One unit that’s looking for someone to make it theirs is 71 Lavender Hill (pictured right), a very-long-closed pharmacy which was tied to Signtair’s new home as the longest-running empty unit. It’s had a good quality renovation by the landlord to create a bright two storey corner property over 70 square feet, with a large usable basement with natural light, going for around £2000 a month. If it’s the unit for you, call WeCan properties on 020 3890 6474.

Maker of smart Shaker kitchens Olive & Barr have taken over the former William Hill in the middle of Lavender Hill, to open their first London showroom, which is being equipped at the time of writing. Special respect goes to the landlord of this unit, who wasted no time at all after William Hill closed their store in getting the builders in, fitting it out to a high standard with a completely new shopfront, and letting it to new tenants. No-one starting a new business wants to take on the risk of having to completely renovate the building before they can get going, which is why keeping the buildings in a decent state leads to much faster lettings, while premises that haven’t had a penny spent on them for years shift much more slowly. If every landlord was as proactive as this, we’d not have any empty shops at all.

The old Royal British Legion at 173 Lavender Hill has the builders in. The building was in a very dilapidated condition, and as we’ve previously reported it is being converted to flats, with a new shop unit on the ground floor, and an added roof storey.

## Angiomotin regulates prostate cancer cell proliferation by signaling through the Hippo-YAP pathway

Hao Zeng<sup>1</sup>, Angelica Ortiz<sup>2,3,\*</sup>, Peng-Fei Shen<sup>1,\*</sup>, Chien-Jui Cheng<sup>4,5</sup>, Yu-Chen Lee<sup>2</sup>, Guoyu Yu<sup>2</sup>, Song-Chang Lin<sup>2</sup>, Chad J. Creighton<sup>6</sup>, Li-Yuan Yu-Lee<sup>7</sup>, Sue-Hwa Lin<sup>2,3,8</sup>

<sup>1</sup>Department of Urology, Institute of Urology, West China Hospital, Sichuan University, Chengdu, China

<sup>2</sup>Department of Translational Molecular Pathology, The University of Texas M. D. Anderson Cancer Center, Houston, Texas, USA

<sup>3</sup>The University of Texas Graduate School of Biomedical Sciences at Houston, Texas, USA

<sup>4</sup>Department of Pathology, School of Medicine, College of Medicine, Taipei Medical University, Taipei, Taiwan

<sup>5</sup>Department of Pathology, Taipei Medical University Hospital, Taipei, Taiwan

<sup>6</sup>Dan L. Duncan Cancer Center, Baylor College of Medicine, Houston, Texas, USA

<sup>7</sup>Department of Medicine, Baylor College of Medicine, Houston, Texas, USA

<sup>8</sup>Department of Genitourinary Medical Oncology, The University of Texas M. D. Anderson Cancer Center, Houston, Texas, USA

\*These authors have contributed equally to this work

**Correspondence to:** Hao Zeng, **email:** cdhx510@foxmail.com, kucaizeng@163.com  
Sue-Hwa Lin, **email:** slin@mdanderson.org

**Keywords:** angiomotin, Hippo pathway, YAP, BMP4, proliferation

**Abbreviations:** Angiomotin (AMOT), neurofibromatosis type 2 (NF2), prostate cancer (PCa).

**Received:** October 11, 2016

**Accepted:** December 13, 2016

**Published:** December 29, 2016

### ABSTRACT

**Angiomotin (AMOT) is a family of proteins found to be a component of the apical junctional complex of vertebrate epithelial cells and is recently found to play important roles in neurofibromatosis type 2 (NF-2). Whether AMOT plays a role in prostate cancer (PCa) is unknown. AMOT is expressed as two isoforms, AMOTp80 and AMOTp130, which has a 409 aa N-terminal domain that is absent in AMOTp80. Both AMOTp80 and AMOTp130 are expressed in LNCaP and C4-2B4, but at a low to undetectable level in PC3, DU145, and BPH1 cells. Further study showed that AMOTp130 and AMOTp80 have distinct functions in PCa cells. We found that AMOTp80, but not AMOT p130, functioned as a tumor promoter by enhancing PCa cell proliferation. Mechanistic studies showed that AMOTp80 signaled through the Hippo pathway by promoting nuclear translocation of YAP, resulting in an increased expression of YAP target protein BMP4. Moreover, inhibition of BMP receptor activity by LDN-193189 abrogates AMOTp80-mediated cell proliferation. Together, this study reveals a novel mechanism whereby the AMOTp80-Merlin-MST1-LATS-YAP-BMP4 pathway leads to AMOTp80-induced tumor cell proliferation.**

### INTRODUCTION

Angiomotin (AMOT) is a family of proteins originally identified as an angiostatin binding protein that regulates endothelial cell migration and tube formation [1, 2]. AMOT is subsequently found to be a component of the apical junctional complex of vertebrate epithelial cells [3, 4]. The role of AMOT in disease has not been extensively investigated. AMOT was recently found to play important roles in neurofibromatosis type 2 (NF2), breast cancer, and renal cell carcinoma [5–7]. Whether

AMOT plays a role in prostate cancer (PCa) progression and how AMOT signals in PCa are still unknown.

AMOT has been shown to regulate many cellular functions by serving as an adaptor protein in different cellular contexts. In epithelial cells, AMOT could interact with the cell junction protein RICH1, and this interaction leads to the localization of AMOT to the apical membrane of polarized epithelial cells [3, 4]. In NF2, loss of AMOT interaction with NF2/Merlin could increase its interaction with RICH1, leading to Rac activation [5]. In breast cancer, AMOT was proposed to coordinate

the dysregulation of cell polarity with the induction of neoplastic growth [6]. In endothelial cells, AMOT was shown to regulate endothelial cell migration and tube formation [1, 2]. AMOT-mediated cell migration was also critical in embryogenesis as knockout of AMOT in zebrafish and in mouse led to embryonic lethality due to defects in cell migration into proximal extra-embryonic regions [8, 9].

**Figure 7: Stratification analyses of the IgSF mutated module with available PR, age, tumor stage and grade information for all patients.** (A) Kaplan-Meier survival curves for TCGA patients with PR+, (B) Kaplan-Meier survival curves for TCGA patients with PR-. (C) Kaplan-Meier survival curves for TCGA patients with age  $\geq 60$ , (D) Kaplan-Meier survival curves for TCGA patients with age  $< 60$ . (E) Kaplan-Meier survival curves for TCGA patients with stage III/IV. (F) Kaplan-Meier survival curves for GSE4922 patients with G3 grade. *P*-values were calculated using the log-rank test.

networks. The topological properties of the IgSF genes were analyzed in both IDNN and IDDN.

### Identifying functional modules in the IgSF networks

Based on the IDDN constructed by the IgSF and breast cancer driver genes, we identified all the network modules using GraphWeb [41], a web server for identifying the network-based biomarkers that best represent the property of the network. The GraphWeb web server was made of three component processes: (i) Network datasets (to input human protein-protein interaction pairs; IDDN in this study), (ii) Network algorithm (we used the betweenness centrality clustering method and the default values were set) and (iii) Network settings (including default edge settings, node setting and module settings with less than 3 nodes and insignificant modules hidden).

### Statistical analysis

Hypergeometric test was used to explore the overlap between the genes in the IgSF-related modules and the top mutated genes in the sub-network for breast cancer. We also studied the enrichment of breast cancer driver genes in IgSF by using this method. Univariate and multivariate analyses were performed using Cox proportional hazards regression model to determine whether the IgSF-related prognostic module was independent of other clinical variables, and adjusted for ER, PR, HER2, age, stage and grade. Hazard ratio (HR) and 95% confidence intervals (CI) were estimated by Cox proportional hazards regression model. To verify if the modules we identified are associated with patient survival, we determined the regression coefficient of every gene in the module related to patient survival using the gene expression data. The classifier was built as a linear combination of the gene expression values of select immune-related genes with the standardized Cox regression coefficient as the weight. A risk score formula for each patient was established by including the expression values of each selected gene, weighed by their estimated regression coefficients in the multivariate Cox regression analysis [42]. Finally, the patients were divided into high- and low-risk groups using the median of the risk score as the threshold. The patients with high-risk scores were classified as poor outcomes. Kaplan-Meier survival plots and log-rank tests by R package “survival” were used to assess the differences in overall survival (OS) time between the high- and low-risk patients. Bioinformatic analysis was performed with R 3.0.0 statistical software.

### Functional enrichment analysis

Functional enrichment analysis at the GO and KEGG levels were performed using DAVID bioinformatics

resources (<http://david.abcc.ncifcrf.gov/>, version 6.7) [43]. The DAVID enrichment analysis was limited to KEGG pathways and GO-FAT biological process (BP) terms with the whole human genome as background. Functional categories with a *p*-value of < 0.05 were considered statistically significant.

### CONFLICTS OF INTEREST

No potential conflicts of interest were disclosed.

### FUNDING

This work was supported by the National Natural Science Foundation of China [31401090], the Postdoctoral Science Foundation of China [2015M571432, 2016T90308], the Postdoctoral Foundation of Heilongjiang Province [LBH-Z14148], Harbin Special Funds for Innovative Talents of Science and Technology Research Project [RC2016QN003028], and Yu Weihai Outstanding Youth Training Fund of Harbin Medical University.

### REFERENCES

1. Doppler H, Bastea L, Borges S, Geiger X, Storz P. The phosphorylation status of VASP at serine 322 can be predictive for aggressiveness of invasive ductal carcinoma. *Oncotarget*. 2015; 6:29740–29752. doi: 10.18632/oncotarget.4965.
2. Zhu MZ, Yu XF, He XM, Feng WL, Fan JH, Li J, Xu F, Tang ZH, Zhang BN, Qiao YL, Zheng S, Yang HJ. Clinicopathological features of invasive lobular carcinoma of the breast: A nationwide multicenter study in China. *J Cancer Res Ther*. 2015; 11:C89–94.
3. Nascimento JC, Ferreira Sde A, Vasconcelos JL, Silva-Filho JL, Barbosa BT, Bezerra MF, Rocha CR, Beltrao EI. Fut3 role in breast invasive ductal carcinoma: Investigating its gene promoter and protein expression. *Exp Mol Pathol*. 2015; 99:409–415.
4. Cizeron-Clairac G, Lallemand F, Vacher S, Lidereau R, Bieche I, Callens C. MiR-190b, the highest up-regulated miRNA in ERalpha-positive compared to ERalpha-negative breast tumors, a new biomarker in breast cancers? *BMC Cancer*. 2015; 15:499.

Ryness’ former shop opposite Battersea Arts Centre has reopened as TaxAssist accountants – a well established nationwide chain. Let’s be honest – accountancy services is never going to set the world on fire – but this is a useful service to have here given the number of small businesses in the area.

In maybe one of the most interesting developments, Clapham Cycle – a local cycle club who run rides, socials and even cycle holidays – is taking over the former Haart estate agents at 255 Lavender Hill. This could be a real change to the cluster of estate agents currently along the western end of Lavender Hill, and we’ll be sure to report further when this opens.

Ginger Kiss at 196 Lavender Hill has reopened as the fourth branch of Yori, a Korean barbecue restaurant with branches in Covent Garden, Piccadilly Circus and Wimbledon. Takeaway only for the time being – but a welcome addition to this part fo the street.

The Royal Trinity Hospice shop is up for lease, and next door the former Lock Centre has opened as VapeMobile (with a slightly unfortunate bright green security shutter that doesn’t do a lot for the look of the generally smart stone frontage of the building).

The new London and South Western pub has (as we reports a few months back) opened, but has spent most of its time closed!

Finally… no retail roundup would be complete without a mention of Debenhams! Back when our branch was closed, with the landlord deciding that there were better options for the building, we wondered if the chain as a whole would survive, and sadly it didn’t. But there’s probably more to say than we can fit here – so we’ll hold that update for a full article in the near future.

Posted in Business, Food & drink, Retail | Leave a comment

A surprising planning decision on Taybridge Road